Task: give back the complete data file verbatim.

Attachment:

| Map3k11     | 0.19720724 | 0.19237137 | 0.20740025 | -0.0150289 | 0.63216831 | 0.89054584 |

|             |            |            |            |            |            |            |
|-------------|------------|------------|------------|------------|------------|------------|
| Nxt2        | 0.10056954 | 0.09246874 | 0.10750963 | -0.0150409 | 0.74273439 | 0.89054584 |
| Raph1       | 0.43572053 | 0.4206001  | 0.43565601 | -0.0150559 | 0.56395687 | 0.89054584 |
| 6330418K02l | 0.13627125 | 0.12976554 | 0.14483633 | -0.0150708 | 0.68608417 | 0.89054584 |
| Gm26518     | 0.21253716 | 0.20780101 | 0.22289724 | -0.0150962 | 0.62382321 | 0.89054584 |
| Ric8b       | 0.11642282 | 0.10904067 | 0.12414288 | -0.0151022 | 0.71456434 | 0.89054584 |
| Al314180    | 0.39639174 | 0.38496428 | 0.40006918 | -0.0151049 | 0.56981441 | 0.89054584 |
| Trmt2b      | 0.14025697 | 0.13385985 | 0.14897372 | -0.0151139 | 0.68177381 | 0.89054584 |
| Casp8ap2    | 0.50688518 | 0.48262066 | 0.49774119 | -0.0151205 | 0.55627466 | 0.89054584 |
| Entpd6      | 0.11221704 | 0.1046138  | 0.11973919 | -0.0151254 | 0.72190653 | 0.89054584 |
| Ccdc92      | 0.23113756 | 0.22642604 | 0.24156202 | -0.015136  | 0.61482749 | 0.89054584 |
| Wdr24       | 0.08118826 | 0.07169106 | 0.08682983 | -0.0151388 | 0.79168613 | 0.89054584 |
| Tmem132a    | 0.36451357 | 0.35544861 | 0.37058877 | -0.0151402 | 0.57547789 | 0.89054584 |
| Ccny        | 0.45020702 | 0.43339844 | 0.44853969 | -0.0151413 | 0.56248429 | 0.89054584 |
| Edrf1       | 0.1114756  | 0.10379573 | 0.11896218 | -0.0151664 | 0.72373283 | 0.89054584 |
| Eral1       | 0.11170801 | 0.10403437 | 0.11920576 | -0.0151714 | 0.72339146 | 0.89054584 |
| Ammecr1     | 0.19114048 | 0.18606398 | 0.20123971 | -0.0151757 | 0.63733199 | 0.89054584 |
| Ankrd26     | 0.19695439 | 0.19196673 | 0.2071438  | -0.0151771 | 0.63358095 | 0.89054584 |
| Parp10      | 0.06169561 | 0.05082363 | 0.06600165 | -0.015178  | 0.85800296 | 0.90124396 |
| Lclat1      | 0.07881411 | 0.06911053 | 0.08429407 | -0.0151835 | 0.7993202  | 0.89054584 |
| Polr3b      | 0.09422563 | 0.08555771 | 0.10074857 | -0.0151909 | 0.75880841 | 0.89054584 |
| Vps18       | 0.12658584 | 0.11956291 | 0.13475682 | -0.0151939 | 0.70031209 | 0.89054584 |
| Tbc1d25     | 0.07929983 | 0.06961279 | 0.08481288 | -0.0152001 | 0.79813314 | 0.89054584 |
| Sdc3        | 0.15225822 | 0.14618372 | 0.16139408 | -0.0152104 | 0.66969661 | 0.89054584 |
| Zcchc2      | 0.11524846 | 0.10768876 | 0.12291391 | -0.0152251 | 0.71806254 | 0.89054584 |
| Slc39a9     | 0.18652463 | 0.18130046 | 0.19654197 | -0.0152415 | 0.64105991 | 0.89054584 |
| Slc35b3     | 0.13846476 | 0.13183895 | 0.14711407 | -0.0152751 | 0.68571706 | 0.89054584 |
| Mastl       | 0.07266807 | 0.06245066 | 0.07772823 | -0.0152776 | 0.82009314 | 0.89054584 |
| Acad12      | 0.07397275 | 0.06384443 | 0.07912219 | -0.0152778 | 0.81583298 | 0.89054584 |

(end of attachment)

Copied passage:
| Map3k11     | 0.19720724 | 0.19237137 | 0.20740025 | -0.0150289 | 0.63216831 | 0.89054584 |

|             |            |            |            |            |            |            |
|-------------|------------|------------|------------|------------|------------|------------|
| Nxt2        | 0.10056954 | 0.09246874 | 0.10750963 | -0.0150409 | 0.74273439 | 0.89054584 |
| Raph1       | 0.43572053 | 0.4206001  | 0.43565601 | -0.0150559 | 0.56395687 | 0.89054584 |
| 6330418K02l | 0.13627125 | 0.12976554 | 0.14483633 | -0.0150708 | 0.68608417 | 0.89054584 |
| Gm26518     | 0.21253716 | 0.20780101 | 0.22289724 | -0.0150962 | 0.62382321 | 0.89054584 |
| Ric8b       | 0.11642282 | 0.10904067 | 0.12414288 | -0.0151022 | 0.71456434 | 0.89054584 |
| Al314180    | 0.39639174 | 0.38496428 | 0.40006918 | -0.0151049 | 0.56981441 | 0.89054584 |
| Trmt2b      | 0.14025697 | 0.13385985 | 0.14897372 | -0.0151139 | 0.68177381 | 0.89054584 |
| Casp8ap2    | 0.50688518 | 0.48262066 | 0.49774119 | -0.0151205 | 0.55627466 | 0.89054584 |
| Entpd6      | 0.11221704 | 0.1046138  | 0.11973919 | -0.0151254 | 0.72190653 | 0.89054584 |
| Ccdc92      | 0.23113756 | 0.22642604 | 0.24156202 | -0.015136  | 0.61482749 | 0.89054584 |
| Wdr24       | 0.08118826 | 0.07169106 | 0.08682983 | -0.0151388 | 0.79168613 | 0.89054584 |
| Tmem132a    | 0.36451357 | 0.35544861 | 0.37058877 | -0.0151402 | 0.57547789 | 0.89054584 |
| Ccny        | 0.45020702 | 0.43339844 | 0.44853969 | -0.0151413 | 0.56248429 | 0.89054584 |
| Edrf1       | 0.1114756  | 0.10379573 | 0.11896218 | -0.0151664 | 0.72373283 | 0.89054584 |
| Eral1       | 0.11170801 | 0.10403437 | 0.11920576 | -0.0151714 | 0.72339146 | 0.89054584 |
| Ammecr1     | 0.19114048 | 0.18606398 | 0.20123971 | -0.0151757 | 0.63733199 | 0.89054584 |
| Ankrd26     | 0.19695439 | 0.19196673 | 0.2071438  | -0.0151771 | 0.63358095 | 0.89054584 |
| Parp10      | 0.06169561 | 0.05082363 | 0.06600165 | -0.015178  | 0.85800296 | 0.90124396 |
| Lclat1      | 0.07881411 | 0.06911053 | 0.08429407 | -0.0151835 | 0.7993202  | 0.89054584 |
| Polr3b      | 0.09422563 | 0.08555771 | 0.10074857 | -0.0151909 | 0.75880841 | 0.89054584 |
| Vps18       | 0.12658584 | 0.11956291 | 0.13475682 | -0.0151939 | 0.70031209 | 0.89054584 |
| Tbc1d25     | 0.07929983 | 0.06961279 | 0.08481288 | -0.0152001 | 0.79813314 | 0.89054584 |
| Sdc3        | 0.15225822 | 0.14618372 | 0.16139408 | -0.0152104 | 0.66969661 | 0.89054584 |
| Zcchc2      | 0.11524846 | 0.10768876 | 0.12291391 | -0.0152251 | 0.71806254 | 0.89054584 |
| Slc39a9     | 0.18652463 | 0.18130046 | 0.19654197 | -0.0152415 | 0.64105991 | 0.89054584 |
| Slc35b3     | 0.13846476 | 0.13183895 | 0.14711407 | -0.0152751 | 0.68571706 | 0.89054584 |
| Mastl       | 0.07266807 | 0.06245066 | 0.07772823 | -0.0152776 | 0.82009314 | 0.89054584 |
| Acad12      | 0.07397275 | 0.06384443 | 0.07912219 | -0.0152778 | 0.81583298 | 0.89054584 |